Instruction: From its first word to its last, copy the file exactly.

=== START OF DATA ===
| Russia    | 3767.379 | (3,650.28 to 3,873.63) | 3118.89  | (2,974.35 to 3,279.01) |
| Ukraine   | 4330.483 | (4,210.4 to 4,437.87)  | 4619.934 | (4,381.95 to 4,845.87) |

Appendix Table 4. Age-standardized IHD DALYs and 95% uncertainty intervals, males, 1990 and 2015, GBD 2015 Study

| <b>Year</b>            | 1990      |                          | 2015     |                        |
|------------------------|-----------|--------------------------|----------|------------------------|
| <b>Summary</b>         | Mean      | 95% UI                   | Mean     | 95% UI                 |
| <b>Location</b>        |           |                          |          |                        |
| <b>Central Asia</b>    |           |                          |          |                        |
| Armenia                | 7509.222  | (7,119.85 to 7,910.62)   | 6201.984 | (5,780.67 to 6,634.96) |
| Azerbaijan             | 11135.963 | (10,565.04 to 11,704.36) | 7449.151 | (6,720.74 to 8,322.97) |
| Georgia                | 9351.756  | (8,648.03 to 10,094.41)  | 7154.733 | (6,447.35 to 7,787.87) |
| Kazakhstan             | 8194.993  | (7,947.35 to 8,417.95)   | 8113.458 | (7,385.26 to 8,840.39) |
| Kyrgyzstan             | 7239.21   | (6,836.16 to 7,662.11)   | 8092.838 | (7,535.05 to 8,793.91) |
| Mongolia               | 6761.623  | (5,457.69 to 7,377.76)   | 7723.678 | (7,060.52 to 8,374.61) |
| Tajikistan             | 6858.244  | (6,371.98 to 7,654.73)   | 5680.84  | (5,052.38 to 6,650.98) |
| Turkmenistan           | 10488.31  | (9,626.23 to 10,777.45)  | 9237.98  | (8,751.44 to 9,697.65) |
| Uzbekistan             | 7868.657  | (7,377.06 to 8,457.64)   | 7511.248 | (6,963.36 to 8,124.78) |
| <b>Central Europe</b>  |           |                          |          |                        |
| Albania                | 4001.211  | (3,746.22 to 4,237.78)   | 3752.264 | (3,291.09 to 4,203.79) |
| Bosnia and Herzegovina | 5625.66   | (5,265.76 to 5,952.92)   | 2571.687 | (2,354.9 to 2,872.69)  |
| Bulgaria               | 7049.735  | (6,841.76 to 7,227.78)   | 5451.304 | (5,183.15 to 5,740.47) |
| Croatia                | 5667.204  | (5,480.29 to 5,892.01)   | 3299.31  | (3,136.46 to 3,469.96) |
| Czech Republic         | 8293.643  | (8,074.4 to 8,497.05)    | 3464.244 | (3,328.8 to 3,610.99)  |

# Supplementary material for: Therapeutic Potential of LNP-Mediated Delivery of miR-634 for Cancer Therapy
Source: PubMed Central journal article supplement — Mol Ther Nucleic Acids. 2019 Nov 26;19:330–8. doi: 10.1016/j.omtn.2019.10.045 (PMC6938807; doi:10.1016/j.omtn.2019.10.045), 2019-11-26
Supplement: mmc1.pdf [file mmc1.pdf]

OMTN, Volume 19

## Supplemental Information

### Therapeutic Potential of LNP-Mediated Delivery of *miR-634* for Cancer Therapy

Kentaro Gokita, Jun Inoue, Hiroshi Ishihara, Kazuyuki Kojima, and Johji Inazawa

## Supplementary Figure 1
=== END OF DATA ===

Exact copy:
| Russia    | 3767.379 | (3,650.28 to 3,873.63) | 3118.89  | (2,974.35 to 3,279.01) |
| Ukraine   | 4330.483 | (4,210.4 to 4,437.87)  | 4619.934 | (4,381.95 to 4,845.87) |

Appendix Table 4. Age-standardized IHD DALYs and 95% uncertainty intervals, males, 1990 and 2015, GBD 2015 Study

| <b>Year</b>            | 1990      |                          | 2015     |                        |
|------------------------|-----------|--------------------------|----------|------------------------|
| <b>Summary</b>         | Mean      | 95% UI                   | Mean     | 95% UI                 |
| <b>Location</b>        |           |                          |          |                        |
| <b>Central Asia</b>    |           |                          |          |                        |
| Armenia                | 7509.222  | (7,119.85 to 7,910.62)   | 6201.984 | (5,780.67 to 6,634.96) |
| Azerbaijan             | 11135.963 | (10,565.04 to 11,704.36) | 7449.151 | (6,720.74 to 8,322.97) |
| Georgia                | 9351.756  | (8,648.03 to 10,094.41)  | 7154.733 | (6,447.35 to 7,787.87) |
| Kazakhstan             | 8194.993  | (7,947.35 to 8,417.95)   | 8113.458 | (7,385.26 to 8,840.39) |
| Kyrgyzstan             | 7239.21   | (6,836.16 to 7,662.11)   | 8092.838 | (7,535.05 to 8,793.91) |
| Mongolia               | 6761.623  | (5,457.69 to 7,377.76)   | 7723.678 | (7,060.52 to 8,374.61) |
| Tajikistan             | 6858.244  | (6,371.98 to 7,654.73)   | 5680.84  | (5,052.38 to 6,650.98) |
| Turkmenistan           | 10488.31  | (9,626.23 to 10,777.45)  | 9237.98  | (8,751.44 to 9,697.65) |
| Uzbekistan             | 7868.657  | (7,377.06 to 8,457.64)   | 7511.248 | (6,963.36 to 8,124.78) |
| <b>Central Europe</b>  |           |                          |          |                        |
| Albania                | 4001.211  | (3,746.22 to 4,237.78)   | 3752.264 | (3,291.09 to 4,203.79) |
| Bosnia and Herzegovina | 5625.66   | (5,265.76 to 5,952.92)   | 2571.687 | (2,354.9 to 2,872.69)  |
| Bulgaria               | 7049.735  | (6,841.76 to 7,227.78)   | 5451.304 | (5,183.15 to 5,740.47) |
| Croatia                | 5667.204  | (5,480.29 to 5,892.01)   | 3299.31  | (3,136.46 to 3,469.96) |
| Czech Republic         | 8293.643  | (8,074.4 to 8,497.05)    | 3464.244 | (3,328.8 to 3,610.99)  |

# Supplementary material for: Therapeutic Potential of LNP-Mediated Delivery of miR-634 for Cancer Therapy
Source: PubMed Central journal article supplement — Mol Ther Nucleic Acids. 2019 Nov 26;19:330–8. doi: 10.1016/j.omtn.2019.10.045 (PMC6938807; doi:10.1016/j.omtn.2019.10.045), 2019-11-26
Supplement: mmc1.pdf [file mmc1.pdf]

OMTN, Volume 19

## Supplemental Information

### Therapeutic Potential of LNP-Mediated Delivery of *miR-634* for Cancer Therapy

Kentaro Gokita, Jun Inoue, Hiroshi Ishihara, Kazuyuki Kojima, and Johji Inazawa

## Supplementary Figure 1